My friend, Mary, is making me blog again. It's, mm, shall we say, been a while. June was mostly a blur of ambulances and ERs. When you're able to tell the hospital security staff thanks, but you know a better route than the one they just recommended for getting out and back in after hours, you know you're dealing with something. In this case, Rheuben's asthma. For June, we were its chew toy, but that's passed and he, and the family, are doing much better.
Part of the deal is, this is supposed to be a blog about writing historical romance, and none of the above felt very on topic. There was some writing done during that time, and some reading. Those of you who have ongoing reasons to have contact with medical professionals probably know all about the hospital bag; that lovely, handy dandy thing one keeps ready by the door in case it's hospital time again. Special bag only for hospital visits, with important stuff in it, like lists of medications, phone numbers of friends who will gladly come get you at the ER at three AM for the second time in a week and spring for mini burgers at Denny's on the way home. Clean socks (trust me, these are needed,) toothbrush, lotion, books for each family member to read.
For me, the choice is easy; historical romance. While for most of the summer, I've been reading the VC Andrews (ghostwriter only) backlist for study purposes, when I want something to read for me, historical romance is the ticket. Ever since I was eleven years old and devoured the copy of Bertrice Small's The Kadin that I'd purloined from my mother's bedside table, I knew I'd found what I wanted to read and write for the rest of my life. What's more universal than a love story? In many ways, this rough summer has been a recharge; yes, this is what I love and want to do for the rest of my life.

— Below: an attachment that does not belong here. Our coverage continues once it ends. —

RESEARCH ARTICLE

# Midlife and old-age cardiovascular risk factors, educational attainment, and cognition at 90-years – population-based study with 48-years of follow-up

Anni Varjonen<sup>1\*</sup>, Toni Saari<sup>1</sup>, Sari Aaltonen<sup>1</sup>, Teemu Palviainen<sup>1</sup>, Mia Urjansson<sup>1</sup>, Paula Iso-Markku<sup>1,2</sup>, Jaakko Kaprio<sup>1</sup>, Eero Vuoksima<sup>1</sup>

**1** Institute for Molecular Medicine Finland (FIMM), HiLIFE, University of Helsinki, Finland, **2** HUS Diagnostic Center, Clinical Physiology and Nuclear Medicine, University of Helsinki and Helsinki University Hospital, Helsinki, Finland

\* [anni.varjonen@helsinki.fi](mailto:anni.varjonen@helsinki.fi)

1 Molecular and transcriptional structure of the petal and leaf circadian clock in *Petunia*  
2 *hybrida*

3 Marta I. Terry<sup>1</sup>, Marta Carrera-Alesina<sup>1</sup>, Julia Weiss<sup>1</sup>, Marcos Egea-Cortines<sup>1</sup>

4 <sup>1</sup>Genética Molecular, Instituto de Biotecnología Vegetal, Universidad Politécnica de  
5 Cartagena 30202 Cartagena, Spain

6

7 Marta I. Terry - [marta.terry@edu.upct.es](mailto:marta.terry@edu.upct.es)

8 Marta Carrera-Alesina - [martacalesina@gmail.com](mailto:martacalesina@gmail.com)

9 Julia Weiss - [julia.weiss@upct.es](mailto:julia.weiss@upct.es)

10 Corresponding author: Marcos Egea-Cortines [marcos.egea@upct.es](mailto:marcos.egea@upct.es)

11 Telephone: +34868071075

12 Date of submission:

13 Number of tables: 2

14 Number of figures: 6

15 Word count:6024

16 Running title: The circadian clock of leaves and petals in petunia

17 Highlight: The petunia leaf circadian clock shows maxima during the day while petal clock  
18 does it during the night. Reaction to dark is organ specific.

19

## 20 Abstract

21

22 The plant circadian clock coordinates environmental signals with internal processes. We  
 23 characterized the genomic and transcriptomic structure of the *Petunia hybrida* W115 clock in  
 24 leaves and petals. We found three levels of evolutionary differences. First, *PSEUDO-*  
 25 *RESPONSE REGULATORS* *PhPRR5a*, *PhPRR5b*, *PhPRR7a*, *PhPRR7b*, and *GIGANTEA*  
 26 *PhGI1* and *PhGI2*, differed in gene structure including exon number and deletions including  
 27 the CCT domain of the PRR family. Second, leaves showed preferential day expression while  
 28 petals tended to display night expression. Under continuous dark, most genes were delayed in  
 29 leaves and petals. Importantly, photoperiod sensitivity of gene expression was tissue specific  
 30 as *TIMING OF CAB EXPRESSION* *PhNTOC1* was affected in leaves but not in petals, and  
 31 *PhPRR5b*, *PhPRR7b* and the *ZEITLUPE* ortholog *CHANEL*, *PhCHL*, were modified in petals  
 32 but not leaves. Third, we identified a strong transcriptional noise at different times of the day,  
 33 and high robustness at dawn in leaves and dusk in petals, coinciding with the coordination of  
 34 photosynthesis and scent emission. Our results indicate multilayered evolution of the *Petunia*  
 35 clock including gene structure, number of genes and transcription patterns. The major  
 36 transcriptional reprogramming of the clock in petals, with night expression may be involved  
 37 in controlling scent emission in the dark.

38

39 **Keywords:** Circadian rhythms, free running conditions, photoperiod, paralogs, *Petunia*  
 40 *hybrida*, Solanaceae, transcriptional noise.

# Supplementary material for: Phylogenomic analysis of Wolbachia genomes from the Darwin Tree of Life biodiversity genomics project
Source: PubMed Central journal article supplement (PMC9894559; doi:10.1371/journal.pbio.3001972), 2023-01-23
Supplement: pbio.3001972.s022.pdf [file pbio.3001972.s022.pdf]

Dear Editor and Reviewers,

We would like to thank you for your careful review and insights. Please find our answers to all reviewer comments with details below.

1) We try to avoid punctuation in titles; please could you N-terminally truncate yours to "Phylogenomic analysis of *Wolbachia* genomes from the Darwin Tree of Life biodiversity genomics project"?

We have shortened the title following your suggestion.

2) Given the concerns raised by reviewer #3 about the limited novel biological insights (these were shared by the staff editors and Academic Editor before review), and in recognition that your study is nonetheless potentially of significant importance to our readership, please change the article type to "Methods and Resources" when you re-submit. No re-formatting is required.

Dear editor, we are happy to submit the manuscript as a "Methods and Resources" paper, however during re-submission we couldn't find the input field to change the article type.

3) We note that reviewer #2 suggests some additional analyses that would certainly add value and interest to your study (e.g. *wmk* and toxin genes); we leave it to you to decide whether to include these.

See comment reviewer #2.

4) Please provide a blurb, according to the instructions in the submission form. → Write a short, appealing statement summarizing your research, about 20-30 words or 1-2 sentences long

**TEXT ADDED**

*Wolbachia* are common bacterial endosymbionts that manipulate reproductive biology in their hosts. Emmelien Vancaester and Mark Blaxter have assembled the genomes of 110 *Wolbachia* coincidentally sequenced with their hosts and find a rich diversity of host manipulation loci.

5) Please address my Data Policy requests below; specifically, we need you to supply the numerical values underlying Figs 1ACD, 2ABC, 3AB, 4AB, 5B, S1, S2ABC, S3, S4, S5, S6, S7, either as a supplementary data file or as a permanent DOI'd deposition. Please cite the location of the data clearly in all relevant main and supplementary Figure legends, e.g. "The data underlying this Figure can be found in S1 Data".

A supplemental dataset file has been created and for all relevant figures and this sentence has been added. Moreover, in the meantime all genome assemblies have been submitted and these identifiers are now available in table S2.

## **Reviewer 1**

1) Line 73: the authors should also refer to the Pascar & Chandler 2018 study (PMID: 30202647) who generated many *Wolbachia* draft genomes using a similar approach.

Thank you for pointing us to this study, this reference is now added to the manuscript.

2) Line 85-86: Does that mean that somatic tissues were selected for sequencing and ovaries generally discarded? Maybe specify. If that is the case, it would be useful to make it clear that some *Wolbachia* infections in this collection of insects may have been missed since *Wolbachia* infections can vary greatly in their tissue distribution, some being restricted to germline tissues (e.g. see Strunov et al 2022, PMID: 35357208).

One might call it research in the rough side of being a romance heroine; the life or death concern for the one man in this whole world that means everything, and the joy in bringing him home. The sharing of odd moments, like both noticing that you/he's stayed in this hospital room before. The "we've been through rough stuff before and we'll get through this" squeeze of the hand when one of you isn't able to speak. How can anyone call such things unrealistic when I've lived them? This seals it; romance is real life. The grit and the angst that naturally find their way into my stories, those are real parts of romance as well. Hopefully we won't have to have a summer like that again, but neither of us would trade it; we've grown, become more us (and more him and more me) and I can honestly say it's made me a better writer as well.
This past weekend, my friend Linda (who has been to many many late night ER trips and subsequent mini burgers) and I reconnected with Mary after family responsibilities had taken time usually given to socializing, and it was like a whole retreat in an afternoon. Cold beverages, kitchen table, talking of life, loss, faith, furbabies (Mary has a new puppy, our family has Skye kitty) and of course, romance novels. Who's reading what, what wouldn't each of us touch with a ten foot pole, what's good that we've missed? What stunk up the place like week old flounder? What's coming out new? Normal and healthy talk, if you ask me. As part of which, came my promise to Mary to blog again.
I'm writing this entry at the end of another day of prepping the final manuscript of Orphans in the Storm, my English Civil War historical romance to Awe-Struck. I wrote this a couple of years ago, and now as I'm putting the final polish on Simon and Jonnet's adventure, revisiting the fabled Isle of Man and Charles II's Dutch court in exile, again, like that afternoon at Mary's, it's like a homecoming. Historical romance is my home, and I ain't moving.